Spinning gear is very capable of making effective pitching presentations to tight targets. As side note, these days the terms flipping and pitching are used interchangeably. Technically, a flip is made by pulling the line back with one hand. But for the most part, when pros say they are "flipping and pitching," they are mostly pitching, essentially making an underhanded cast to sort of "flip" the lure to the target.
Longer rods are the key to long distance pitching. At the bare minimum, a 7-footer is in order and a 7'-6" is even better. Next, consider upsizing your reel and line size as well. The pitching technique is usually done around cover, and sometimes around very heavy cover such as thick vegetation, dock pilings, flooded bushes, standing timber, and other types of dense cover. This is no place for a 6-foot light-action rod with 8-pound test. The rod needs to be at least a medium to medium-heavy action. Reel size should be at least a 3000 or even 4000. Next, 15- to 30-pound braid is recommended, mainly because you can achieve a high pound test at such a small diameter. Some people are concerned about the visibility of such braid, but keep in mind that pitching is done in shadows and dark places in the cover. Plus, pitching is considered to be more of a "reaction" technique where the fish bites out of reflex and doesn't necessarily study the bait for long periods of time. The lure drops in fast, surprising the fish and forcing it to bite, almost out of defense.
Speaking of lures, rubber skirted jigs in the 3/8- to Â½-ounce size are suitable for this kind of fishing. Other productive options include soft plastic craws, creature baits, tubes and even senko-type stick worms topped with a Â¼- to Â½-ounce bullet weights. When pitching, always be sure to peg your bullet weight to the line with a bobber stopper to make sure the weight is pulling the bait into the cover.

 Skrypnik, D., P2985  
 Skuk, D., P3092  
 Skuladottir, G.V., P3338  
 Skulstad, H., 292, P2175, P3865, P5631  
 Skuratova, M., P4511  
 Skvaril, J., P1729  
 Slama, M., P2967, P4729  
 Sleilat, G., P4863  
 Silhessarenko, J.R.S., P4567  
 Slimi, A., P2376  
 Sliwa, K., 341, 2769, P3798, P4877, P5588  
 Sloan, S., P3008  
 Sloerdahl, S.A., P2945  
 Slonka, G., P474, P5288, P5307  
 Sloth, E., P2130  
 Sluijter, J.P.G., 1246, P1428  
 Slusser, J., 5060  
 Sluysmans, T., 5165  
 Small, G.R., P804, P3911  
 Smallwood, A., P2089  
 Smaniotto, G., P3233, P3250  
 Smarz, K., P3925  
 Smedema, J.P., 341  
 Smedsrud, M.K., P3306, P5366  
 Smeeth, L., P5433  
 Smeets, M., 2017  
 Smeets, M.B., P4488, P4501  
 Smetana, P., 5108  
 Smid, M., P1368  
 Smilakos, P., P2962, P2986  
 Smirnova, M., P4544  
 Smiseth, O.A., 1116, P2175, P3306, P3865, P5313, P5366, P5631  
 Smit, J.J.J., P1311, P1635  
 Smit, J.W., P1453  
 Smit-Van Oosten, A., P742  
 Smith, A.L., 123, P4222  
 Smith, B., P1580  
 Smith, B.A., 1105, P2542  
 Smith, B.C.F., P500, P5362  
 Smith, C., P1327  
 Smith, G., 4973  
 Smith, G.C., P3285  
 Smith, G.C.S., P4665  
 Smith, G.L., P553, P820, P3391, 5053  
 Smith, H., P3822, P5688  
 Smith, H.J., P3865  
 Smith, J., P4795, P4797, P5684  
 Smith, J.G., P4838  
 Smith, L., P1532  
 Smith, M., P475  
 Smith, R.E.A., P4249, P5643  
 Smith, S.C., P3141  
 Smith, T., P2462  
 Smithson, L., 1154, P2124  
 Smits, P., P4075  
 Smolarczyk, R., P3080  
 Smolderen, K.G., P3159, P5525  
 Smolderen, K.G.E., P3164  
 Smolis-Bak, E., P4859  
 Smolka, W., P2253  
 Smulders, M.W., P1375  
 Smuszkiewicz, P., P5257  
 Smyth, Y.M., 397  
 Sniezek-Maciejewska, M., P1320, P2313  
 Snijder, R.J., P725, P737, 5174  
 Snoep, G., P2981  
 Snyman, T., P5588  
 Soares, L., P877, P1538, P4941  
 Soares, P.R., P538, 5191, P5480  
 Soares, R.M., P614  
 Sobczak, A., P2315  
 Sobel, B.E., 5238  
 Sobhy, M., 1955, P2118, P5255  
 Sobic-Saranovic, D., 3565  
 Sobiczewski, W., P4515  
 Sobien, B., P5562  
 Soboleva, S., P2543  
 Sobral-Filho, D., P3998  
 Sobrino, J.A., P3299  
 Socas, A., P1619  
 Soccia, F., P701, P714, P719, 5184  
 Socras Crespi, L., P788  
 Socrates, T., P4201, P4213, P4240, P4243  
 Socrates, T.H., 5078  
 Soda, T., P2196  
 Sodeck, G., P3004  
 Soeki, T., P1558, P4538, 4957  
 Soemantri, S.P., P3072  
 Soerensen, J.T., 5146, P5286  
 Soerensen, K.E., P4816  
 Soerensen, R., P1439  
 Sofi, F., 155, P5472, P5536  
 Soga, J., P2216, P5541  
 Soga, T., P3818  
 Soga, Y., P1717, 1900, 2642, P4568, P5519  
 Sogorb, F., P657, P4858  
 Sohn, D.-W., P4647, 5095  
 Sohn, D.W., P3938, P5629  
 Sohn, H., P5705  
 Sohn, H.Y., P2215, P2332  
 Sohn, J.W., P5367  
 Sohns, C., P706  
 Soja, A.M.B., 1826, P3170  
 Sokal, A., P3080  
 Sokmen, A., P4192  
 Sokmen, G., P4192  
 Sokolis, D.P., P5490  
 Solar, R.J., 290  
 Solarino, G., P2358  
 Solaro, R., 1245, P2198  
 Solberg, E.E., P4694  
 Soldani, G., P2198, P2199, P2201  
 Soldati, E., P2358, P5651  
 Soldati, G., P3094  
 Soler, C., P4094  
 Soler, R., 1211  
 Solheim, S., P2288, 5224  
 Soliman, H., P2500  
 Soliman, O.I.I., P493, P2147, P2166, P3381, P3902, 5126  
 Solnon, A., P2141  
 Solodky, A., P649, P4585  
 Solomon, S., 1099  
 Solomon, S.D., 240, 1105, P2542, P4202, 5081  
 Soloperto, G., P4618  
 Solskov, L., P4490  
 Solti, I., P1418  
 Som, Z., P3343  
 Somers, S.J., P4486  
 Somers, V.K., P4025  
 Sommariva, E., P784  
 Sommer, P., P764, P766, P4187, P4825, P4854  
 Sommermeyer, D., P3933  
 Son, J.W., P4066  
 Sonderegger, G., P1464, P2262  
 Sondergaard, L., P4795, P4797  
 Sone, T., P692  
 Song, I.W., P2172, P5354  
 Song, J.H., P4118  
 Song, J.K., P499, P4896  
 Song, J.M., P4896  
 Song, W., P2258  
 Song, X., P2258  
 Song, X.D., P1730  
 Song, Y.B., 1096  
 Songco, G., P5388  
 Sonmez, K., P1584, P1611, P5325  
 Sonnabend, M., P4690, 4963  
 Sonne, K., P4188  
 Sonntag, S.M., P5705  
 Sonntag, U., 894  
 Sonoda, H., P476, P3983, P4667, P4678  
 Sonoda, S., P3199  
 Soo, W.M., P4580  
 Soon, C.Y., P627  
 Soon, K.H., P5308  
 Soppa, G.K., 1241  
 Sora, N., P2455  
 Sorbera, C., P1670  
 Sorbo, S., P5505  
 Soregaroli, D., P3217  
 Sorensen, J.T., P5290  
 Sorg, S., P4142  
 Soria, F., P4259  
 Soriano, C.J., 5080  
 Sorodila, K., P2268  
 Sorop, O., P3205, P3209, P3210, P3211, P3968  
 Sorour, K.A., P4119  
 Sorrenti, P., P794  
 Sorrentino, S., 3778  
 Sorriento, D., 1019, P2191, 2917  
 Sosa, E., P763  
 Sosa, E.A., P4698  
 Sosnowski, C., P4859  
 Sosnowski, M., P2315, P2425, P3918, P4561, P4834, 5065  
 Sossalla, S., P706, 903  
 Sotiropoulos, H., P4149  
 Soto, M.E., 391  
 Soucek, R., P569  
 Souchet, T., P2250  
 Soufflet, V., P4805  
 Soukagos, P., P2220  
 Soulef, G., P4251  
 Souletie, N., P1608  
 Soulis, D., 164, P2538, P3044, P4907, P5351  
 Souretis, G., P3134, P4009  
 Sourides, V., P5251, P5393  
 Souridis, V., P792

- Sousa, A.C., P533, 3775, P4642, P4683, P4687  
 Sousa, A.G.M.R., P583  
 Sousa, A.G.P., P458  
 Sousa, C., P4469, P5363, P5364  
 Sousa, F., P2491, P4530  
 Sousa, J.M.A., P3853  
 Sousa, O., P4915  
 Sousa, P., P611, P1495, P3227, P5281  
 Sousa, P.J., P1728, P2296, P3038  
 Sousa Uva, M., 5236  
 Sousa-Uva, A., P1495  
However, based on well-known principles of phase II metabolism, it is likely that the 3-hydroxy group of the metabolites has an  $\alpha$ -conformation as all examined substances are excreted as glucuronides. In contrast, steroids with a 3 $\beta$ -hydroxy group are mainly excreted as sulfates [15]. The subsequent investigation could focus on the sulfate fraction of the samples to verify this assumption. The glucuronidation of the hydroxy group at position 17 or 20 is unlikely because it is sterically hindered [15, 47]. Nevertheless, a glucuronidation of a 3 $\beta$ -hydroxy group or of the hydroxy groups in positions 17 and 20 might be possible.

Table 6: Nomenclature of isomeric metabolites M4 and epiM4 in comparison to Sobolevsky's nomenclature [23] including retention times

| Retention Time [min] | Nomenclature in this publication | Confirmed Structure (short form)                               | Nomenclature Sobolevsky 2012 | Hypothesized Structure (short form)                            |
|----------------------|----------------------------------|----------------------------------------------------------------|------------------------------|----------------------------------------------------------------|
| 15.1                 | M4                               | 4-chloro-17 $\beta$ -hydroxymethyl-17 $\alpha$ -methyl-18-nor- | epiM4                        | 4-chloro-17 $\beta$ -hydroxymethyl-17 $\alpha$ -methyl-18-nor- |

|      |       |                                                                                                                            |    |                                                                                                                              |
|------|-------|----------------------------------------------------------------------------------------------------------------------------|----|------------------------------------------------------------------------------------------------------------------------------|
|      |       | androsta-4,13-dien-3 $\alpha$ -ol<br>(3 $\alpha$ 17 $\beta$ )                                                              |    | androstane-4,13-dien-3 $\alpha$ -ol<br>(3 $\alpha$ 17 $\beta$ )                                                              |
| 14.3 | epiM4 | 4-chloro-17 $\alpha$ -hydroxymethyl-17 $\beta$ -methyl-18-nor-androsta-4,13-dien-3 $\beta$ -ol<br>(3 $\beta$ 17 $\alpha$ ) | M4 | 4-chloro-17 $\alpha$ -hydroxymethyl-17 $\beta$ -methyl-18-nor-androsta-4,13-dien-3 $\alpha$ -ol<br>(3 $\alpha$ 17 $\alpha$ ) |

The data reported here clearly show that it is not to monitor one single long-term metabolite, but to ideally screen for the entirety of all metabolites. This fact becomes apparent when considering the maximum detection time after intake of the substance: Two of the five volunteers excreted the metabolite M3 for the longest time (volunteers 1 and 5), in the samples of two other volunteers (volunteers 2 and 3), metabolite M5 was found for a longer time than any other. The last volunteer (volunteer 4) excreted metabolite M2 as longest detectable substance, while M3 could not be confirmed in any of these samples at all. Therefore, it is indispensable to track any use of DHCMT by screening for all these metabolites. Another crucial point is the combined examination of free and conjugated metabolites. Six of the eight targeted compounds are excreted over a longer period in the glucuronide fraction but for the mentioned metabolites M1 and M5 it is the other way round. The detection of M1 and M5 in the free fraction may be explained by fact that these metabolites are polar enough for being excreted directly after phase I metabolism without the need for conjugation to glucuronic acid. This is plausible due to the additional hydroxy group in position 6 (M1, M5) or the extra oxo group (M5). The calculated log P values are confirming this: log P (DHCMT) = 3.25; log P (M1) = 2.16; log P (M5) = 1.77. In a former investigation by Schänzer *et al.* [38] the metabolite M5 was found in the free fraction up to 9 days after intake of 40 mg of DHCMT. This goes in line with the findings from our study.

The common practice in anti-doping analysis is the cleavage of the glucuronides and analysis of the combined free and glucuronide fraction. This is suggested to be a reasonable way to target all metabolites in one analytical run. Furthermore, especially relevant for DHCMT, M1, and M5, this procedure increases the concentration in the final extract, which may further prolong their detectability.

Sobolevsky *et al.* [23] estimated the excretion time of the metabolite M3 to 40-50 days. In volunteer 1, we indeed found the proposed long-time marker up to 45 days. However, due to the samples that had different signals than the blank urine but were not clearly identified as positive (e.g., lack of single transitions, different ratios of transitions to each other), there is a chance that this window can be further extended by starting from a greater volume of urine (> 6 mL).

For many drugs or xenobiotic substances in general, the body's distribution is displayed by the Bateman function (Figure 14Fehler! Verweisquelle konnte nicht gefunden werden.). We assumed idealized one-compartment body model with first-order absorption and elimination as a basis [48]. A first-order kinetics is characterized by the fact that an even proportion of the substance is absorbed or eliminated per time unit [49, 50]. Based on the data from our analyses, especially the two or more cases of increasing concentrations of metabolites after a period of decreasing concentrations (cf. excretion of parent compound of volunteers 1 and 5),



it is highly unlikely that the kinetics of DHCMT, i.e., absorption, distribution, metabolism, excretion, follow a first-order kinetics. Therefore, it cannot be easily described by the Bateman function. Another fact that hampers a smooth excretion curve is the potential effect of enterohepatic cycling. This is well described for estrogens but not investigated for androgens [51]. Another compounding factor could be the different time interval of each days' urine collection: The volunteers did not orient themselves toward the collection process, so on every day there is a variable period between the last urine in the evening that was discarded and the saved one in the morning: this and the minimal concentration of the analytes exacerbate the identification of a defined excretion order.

To make a pitch, click open the bail, drop the lure down some 4 to 6 feet and stop it with your forefinger. Make an upswing motion with the rod. Allow the momentum of the bait to load the rod. Let go of the line at the top of the upswing and the lure will launch forward. To control distance, feather the line with your forefinger. The idea of true pitching is to make the lure ride low across the water and enter the water with very little splash or commotion so as to not disturb the fish. Imagine the fish just sitting there hanging out next to its cover and suddenly, without any warning, something enters the fish's "space" causing the fish to wolf it down without hesitation.
The bite on a pitch cast is often on the initial fall. You might not even feel it, rather your line will just stop falling and there will be a "spongy" feel on the line. You may even feel slight movement of the line if the fish moves at all. This is your cue to set the hook and to set it with some authority. It's advisable that you have your drag cranked down pretty tightly. A loose drag when pitching into heavy cover is not good. It gives the fish a chance to get the upper-hand around a piling or bush. The idea in pitching is to set the hook and immediately get the fish out of cover.